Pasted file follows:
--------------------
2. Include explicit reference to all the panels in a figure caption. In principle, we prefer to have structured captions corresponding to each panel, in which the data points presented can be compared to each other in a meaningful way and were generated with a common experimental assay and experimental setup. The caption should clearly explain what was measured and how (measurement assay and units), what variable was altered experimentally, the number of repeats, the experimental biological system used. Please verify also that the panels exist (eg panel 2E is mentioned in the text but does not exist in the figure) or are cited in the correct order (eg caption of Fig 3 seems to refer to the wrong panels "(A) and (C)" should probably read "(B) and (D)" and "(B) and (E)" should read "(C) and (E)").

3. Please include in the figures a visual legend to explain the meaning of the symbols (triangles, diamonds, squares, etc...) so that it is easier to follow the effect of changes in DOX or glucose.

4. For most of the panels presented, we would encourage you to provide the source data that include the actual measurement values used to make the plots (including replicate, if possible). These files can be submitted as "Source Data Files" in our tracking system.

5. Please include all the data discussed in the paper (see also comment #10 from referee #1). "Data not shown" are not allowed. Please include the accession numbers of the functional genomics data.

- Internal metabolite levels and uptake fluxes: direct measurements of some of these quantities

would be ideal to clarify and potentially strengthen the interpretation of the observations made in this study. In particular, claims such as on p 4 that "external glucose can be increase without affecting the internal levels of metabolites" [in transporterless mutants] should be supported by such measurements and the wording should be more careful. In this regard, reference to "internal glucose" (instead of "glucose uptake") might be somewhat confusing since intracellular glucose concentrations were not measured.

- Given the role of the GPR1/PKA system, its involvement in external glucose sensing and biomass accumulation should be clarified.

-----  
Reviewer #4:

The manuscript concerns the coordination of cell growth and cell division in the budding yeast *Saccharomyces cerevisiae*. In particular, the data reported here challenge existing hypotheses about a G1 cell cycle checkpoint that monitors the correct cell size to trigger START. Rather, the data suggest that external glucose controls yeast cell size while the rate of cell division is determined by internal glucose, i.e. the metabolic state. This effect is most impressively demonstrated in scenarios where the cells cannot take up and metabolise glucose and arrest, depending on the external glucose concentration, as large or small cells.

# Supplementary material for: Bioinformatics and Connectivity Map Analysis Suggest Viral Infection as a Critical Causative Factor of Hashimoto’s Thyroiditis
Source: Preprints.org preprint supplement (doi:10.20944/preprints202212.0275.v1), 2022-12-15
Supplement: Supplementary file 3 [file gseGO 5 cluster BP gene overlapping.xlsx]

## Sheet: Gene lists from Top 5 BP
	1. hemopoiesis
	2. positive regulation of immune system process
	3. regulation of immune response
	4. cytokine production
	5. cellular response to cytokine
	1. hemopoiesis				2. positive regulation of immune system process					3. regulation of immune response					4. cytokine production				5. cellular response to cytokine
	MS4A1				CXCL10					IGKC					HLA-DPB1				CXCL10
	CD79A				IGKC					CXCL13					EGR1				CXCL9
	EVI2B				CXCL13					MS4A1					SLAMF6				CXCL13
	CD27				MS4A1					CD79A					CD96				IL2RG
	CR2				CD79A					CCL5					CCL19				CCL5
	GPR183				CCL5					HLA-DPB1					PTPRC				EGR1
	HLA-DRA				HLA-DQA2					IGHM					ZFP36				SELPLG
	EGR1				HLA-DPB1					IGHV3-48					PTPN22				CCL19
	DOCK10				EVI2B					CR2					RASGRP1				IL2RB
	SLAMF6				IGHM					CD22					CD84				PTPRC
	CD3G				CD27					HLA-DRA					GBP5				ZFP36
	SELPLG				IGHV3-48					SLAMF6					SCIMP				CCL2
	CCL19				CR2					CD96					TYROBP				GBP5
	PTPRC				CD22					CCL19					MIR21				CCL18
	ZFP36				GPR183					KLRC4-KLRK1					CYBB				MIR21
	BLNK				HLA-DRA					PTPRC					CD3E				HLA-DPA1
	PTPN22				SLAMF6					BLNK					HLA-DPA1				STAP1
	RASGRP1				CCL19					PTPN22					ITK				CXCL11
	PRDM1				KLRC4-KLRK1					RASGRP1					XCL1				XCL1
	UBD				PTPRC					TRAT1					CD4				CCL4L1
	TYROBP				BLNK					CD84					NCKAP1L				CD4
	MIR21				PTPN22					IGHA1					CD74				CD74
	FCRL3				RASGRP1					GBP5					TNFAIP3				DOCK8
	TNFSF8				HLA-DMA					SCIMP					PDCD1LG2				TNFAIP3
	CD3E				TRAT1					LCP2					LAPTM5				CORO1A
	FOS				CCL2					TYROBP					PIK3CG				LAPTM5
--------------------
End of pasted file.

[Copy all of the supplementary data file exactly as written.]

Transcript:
2. Include explicit reference to all the panels in a figure caption. In principle, we prefer to have structured captions corresponding to each panel, in which the data points presented can be compared to each other in a meaningful way and were generated with a common experimental assay and experimental setup. The caption should clearly explain what was measured and how (measurement assay and units), what variable was altered experimentally, the number of repeats, the experimental biological system used. Please verify also that the panels exist (eg panel 2E is mentioned in the text but does not exist in the figure) or are cited in the correct order (eg caption of Fig 3 seems to refer to the wrong panels "(A) and (C)" should probably read "(B) and (D)" and "(B) and (E)" should read "(C) and (E)").

3. Please include in the figures a visual legend to explain the meaning of the symbols (triangles, diamonds, squares, etc...) so that it is easier to follow the effect of changes in DOX or glucose.

4. For most of the panels presented, we would encourage you to provide the source data that include the actual measurement values used to make the plots (including replicate, if possible). These files can be submitted as "Source Data Files" in our tracking system.

5. Please include all the data discussed in the paper (see also comment #10 from referee #1). "Data not shown" are not allowed. Please include the accession numbers of the functional genomics data.

- Internal metabolite levels and uptake fluxes: direct measurements of some of these quantities

would be ideal to clarify and potentially strengthen the interpretation of the observations made in this study. In particular, claims such as on p 4 that "external glucose can be increase without affecting the internal levels of metabolites" [in transporterless mutants] should be supported by such measurements and the wording should be more careful. In this regard, reference to "internal glucose" (instead of "glucose uptake") might be somewhat confusing since intracellular glucose concentrations were not measured.

- Given the role of the GPR1/PKA system, its involvement in external glucose sensing and biomass accumulation should be clarified.

-----  
Reviewer #4:

The manuscript concerns the coordination of cell growth and cell division in the budding yeast *Saccharomyces cerevisiae*. In particular, the data reported here challenge existing hypotheses about a G1 cell cycle checkpoint that monitors the correct cell size to trigger START. Rather, the data suggest that external glucose controls yeast cell size while the rate of cell division is determined by internal glucose, i.e. the metabolic state. This effect is most impressively demonstrated in scenarios where the cells cannot take up and metabolise glucose and arrest, depending on the external glucose concentration, as large or small cells.

# Supplementary material for: Bioinformatics and Connectivity Map Analysis Suggest Viral Infection as a Critical Causative Factor of Hashimoto’s Thyroiditis
Source: Preprints.org preprint supplement (doi:10.20944/preprints202212.0275.v1), 2022-12-15
Supplement: Supplementary file 3 [file gseGO 5 cluster BP gene overlapping.xlsx]

## Sheet: Gene lists from Top 5 BP
	1. hemopoiesis
	2. positive regulation of immune system process
	3. regulation of immune response
	4. cytokine production
	5. cellular response to cytokine
	1. hemopoiesis				2. positive regulation of immune system process					3. regulation of immune response					4. cytokine production				5. cellular response to cytokine
	MS4A1				CXCL10					IGKC					HLA-DPB1				CXCL10
	CD79A				IGKC					CXCL13					EGR1				CXCL9
	EVI2B				CXCL13					MS4A1					SLAMF6				CXCL13
	CD27				MS4A1					CD79A					CD96				IL2RG
	CR2				CD79A					CCL5					CCL19				CCL5
	GPR183				CCL5					HLA-DPB1					PTPRC				EGR1
	HLA-DRA				HLA-DQA2					IGHM					ZFP36				SELPLG
	EGR1				HLA-DPB1					IGHV3-48					PTPN22				CCL19
	DOCK10				EVI2B					CR2					RASGRP1				IL2RB
	SLAMF6				IGHM					CD22					CD84				PTPRC
	CD3G				CD27					HLA-DRA					GBP5				ZFP36
	SELPLG				IGHV3-48					SLAMF6					SCIMP				CCL2
	CCL19				CR2					CD96					TYROBP				GBP5
	PTPRC				CD22					CCL19					MIR21				CCL18
	ZFP36				GPR183					KLRC4-KLRK1					CYBB				MIR21
	BLNK				HLA-DRA					PTPRC					CD3E				HLA-DPA1
	PTPN22				SLAMF6					BLNK					HLA-DPA1				STAP1
	RASGRP1				CCL19					PTPN22					ITK				CXCL11
	PRDM1				KLRC4-KLRK1					RASGRP1					XCL1				XCL1
	UBD				PTPRC					TRAT1					CD4				CCL4L1
	TYROBP				BLNK					CD84					NCKAP1L				CD4
	MIR21				PTPN22					IGHA1					CD74				CD74
	FCRL3				RASGRP1					GBP5					TNFAIP3				DOCK8
	TNFSF8				HLA-DMA					SCIMP					PDCD1LG2				TNFAIP3
	CD3E				TRAT1					LCP2					LAPTM5				CORO1A
	FOS				CCL2					TYROBP					PIK3CG				LAPTM5